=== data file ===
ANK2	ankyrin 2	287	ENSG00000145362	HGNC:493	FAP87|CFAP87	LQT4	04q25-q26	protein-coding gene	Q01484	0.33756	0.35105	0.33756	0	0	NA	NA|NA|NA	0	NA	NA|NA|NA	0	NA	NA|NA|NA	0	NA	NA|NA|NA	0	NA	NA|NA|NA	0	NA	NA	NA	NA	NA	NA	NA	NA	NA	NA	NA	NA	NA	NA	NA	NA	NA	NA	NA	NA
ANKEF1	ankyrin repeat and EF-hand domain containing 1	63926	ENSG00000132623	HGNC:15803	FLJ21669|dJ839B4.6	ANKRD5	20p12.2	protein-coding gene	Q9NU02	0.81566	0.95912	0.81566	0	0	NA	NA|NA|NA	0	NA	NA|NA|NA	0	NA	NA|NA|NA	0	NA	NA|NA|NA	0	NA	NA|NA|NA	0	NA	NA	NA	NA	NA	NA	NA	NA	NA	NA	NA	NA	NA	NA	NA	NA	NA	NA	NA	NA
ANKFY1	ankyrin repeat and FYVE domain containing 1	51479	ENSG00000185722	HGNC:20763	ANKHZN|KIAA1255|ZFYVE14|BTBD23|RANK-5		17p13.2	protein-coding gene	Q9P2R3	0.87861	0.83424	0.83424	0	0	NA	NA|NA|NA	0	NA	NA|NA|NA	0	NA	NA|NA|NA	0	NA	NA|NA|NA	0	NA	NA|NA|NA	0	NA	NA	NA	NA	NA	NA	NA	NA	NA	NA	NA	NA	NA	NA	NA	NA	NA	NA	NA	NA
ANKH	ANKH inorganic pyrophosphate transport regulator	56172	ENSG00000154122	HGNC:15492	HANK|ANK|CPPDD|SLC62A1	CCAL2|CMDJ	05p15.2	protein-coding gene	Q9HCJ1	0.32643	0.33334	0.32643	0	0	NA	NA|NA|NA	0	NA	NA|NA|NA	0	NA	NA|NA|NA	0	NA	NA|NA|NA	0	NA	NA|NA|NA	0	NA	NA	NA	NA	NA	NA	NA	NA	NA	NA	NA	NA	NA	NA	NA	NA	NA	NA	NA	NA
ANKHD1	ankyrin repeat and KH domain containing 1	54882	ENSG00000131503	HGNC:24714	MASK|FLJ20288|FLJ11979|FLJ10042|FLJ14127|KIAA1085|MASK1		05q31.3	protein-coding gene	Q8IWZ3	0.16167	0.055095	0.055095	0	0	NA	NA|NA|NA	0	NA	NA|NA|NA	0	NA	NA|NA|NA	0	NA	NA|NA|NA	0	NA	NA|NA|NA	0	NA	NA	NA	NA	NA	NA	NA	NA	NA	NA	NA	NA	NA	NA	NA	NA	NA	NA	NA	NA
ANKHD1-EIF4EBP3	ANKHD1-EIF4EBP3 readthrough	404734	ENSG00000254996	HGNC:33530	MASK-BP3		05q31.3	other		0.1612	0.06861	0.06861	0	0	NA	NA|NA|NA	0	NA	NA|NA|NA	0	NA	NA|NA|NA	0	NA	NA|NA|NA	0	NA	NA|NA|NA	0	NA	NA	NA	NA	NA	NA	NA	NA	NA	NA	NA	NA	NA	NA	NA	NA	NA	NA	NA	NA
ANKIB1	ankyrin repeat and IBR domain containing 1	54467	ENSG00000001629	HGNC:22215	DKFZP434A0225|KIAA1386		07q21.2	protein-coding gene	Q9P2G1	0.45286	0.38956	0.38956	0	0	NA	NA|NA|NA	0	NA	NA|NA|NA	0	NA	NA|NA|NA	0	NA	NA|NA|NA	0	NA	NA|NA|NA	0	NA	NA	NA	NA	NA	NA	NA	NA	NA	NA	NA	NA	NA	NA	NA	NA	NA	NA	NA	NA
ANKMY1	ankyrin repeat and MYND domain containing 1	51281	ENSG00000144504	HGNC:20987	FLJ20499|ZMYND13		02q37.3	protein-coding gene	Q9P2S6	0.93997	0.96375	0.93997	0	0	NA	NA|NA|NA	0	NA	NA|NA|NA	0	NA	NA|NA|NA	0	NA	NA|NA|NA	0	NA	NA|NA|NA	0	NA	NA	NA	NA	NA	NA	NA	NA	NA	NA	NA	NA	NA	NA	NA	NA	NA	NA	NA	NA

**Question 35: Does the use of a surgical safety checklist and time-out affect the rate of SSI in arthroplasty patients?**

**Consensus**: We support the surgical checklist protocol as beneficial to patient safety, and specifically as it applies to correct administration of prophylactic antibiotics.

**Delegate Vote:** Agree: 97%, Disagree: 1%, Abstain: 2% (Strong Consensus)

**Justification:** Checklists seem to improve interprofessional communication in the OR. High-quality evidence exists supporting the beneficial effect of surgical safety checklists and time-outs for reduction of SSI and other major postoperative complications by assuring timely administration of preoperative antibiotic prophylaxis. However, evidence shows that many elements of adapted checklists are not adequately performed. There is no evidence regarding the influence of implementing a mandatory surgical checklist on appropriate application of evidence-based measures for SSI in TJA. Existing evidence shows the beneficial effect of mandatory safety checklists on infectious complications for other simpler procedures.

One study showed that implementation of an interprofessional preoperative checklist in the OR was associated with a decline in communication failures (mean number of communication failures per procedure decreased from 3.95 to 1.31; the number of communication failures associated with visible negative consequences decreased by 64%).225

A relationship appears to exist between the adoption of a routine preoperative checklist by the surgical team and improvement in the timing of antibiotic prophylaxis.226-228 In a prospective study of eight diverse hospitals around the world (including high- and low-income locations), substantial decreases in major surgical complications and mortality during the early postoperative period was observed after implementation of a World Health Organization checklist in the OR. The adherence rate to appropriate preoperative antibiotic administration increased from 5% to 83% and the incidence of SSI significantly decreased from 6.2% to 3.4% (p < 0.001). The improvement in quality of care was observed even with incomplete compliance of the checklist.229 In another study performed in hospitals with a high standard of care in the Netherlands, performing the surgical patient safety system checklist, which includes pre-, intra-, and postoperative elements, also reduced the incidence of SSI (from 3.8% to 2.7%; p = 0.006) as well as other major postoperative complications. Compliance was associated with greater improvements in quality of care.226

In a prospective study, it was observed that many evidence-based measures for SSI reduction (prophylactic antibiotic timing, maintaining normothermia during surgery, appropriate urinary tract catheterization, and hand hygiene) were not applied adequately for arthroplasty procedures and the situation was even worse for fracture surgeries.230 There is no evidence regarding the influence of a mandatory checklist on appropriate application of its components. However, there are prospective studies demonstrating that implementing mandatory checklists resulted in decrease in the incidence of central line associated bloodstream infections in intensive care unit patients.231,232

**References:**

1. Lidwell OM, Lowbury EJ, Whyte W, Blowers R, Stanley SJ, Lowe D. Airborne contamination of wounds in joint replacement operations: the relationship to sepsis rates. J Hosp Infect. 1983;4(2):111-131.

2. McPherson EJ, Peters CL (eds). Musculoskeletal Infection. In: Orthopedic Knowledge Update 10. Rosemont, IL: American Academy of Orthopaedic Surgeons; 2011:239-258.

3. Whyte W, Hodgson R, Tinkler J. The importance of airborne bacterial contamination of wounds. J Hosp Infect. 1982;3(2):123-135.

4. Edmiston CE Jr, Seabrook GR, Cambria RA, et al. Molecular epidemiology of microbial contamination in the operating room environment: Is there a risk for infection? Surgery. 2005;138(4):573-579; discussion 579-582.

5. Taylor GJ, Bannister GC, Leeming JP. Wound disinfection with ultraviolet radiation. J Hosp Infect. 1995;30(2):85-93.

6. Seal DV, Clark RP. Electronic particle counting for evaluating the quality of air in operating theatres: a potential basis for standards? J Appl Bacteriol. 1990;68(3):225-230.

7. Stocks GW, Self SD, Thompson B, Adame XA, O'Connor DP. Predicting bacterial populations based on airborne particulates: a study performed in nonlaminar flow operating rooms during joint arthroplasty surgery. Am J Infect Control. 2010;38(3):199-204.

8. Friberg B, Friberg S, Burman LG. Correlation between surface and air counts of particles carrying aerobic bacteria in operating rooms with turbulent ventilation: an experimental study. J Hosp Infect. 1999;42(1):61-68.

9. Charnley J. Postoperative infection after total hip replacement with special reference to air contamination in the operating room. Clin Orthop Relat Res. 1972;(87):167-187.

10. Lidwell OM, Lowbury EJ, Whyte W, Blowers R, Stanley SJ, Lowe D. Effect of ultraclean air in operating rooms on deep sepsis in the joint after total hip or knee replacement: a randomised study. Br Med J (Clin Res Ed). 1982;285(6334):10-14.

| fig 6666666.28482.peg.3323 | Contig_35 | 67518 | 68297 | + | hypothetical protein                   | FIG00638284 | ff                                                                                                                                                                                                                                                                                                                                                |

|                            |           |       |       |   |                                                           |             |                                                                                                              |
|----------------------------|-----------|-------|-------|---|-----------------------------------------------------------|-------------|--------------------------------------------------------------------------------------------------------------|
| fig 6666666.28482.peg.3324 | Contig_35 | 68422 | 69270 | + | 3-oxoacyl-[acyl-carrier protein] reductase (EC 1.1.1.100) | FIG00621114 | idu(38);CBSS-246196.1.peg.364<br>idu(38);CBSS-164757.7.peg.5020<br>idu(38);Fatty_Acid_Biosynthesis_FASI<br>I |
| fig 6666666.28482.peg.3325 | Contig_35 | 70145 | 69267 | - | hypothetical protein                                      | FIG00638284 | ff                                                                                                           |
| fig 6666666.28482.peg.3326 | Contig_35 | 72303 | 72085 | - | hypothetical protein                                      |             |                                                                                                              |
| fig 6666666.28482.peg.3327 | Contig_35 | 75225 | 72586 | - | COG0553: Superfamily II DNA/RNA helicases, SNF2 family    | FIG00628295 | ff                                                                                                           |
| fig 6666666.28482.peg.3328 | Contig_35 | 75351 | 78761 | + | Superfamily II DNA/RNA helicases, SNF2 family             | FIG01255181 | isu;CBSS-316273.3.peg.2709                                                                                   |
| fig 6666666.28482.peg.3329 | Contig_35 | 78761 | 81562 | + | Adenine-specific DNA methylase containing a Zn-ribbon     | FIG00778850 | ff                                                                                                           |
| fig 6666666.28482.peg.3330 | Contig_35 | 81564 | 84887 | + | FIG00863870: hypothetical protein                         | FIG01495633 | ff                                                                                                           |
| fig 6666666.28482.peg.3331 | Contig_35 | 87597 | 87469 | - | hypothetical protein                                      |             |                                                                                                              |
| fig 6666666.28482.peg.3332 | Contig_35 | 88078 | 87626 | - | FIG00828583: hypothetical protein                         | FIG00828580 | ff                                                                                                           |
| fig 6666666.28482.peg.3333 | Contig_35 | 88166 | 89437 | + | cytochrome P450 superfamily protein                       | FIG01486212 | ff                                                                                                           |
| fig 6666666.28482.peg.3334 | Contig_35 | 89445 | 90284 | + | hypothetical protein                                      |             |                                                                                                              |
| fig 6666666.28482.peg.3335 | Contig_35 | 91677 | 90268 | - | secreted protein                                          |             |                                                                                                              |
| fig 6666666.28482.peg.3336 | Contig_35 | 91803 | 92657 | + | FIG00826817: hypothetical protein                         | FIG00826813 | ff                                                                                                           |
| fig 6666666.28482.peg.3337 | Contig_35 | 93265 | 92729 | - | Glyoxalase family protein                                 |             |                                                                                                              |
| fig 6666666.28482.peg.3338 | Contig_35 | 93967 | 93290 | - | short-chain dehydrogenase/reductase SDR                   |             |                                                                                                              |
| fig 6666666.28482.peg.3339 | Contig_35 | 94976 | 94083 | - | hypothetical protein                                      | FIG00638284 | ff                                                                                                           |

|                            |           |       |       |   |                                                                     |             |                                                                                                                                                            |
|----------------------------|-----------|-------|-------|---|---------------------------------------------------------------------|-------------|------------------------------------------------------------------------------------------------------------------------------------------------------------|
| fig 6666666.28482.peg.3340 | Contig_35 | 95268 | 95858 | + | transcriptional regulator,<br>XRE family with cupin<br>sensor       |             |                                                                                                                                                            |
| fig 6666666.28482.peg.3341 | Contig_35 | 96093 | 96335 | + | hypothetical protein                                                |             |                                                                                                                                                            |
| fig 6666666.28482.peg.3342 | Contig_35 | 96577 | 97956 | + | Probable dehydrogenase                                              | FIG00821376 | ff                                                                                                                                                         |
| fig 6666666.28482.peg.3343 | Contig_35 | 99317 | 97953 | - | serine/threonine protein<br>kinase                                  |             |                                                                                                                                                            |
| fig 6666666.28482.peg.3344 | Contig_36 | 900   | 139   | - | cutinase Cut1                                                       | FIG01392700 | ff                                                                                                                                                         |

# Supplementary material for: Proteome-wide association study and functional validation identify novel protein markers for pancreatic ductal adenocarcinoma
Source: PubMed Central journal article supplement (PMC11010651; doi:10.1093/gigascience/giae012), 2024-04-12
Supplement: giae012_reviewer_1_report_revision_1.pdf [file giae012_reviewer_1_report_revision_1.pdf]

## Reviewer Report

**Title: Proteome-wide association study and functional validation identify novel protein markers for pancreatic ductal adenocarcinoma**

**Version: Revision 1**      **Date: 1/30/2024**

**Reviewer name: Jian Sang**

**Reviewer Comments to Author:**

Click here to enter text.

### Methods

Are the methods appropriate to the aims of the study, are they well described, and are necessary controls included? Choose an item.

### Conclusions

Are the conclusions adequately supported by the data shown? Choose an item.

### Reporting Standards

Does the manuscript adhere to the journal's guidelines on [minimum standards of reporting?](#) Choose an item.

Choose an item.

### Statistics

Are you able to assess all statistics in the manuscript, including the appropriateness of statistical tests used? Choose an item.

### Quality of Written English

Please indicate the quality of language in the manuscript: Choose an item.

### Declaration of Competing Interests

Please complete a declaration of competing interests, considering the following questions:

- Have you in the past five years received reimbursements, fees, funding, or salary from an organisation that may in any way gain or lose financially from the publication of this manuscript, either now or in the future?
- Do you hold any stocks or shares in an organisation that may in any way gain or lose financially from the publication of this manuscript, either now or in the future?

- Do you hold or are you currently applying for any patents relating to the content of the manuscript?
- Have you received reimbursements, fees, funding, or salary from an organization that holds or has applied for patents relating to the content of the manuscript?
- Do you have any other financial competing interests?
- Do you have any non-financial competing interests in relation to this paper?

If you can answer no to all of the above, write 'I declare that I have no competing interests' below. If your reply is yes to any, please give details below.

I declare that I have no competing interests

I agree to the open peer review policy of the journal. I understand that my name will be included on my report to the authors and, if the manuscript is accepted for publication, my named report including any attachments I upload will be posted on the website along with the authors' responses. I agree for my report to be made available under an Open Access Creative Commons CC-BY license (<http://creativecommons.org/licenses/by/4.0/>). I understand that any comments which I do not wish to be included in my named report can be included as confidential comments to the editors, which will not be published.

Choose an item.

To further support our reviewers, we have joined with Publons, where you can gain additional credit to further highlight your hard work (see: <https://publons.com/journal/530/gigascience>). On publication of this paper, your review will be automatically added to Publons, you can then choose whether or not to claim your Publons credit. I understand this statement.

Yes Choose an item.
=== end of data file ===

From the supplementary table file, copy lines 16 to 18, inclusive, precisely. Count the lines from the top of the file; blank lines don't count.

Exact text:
**References:**

1. Lidwell OM, Lowbury EJ, Whyte W, Blowers R, Stanley SJ, Lowe D. Airborne contamination of wounds in joint replacement operations: the relationship to sepsis rates. J Hosp Infect. 1983;4(2):111-131.

2. McPherson EJ, Peters CL (eds). Musculoskeletal Infection. In: Orthopedic Knowledge Update 10. Rosemont, IL: American Academy of Orthopaedic Surgeons; 2011:239-258.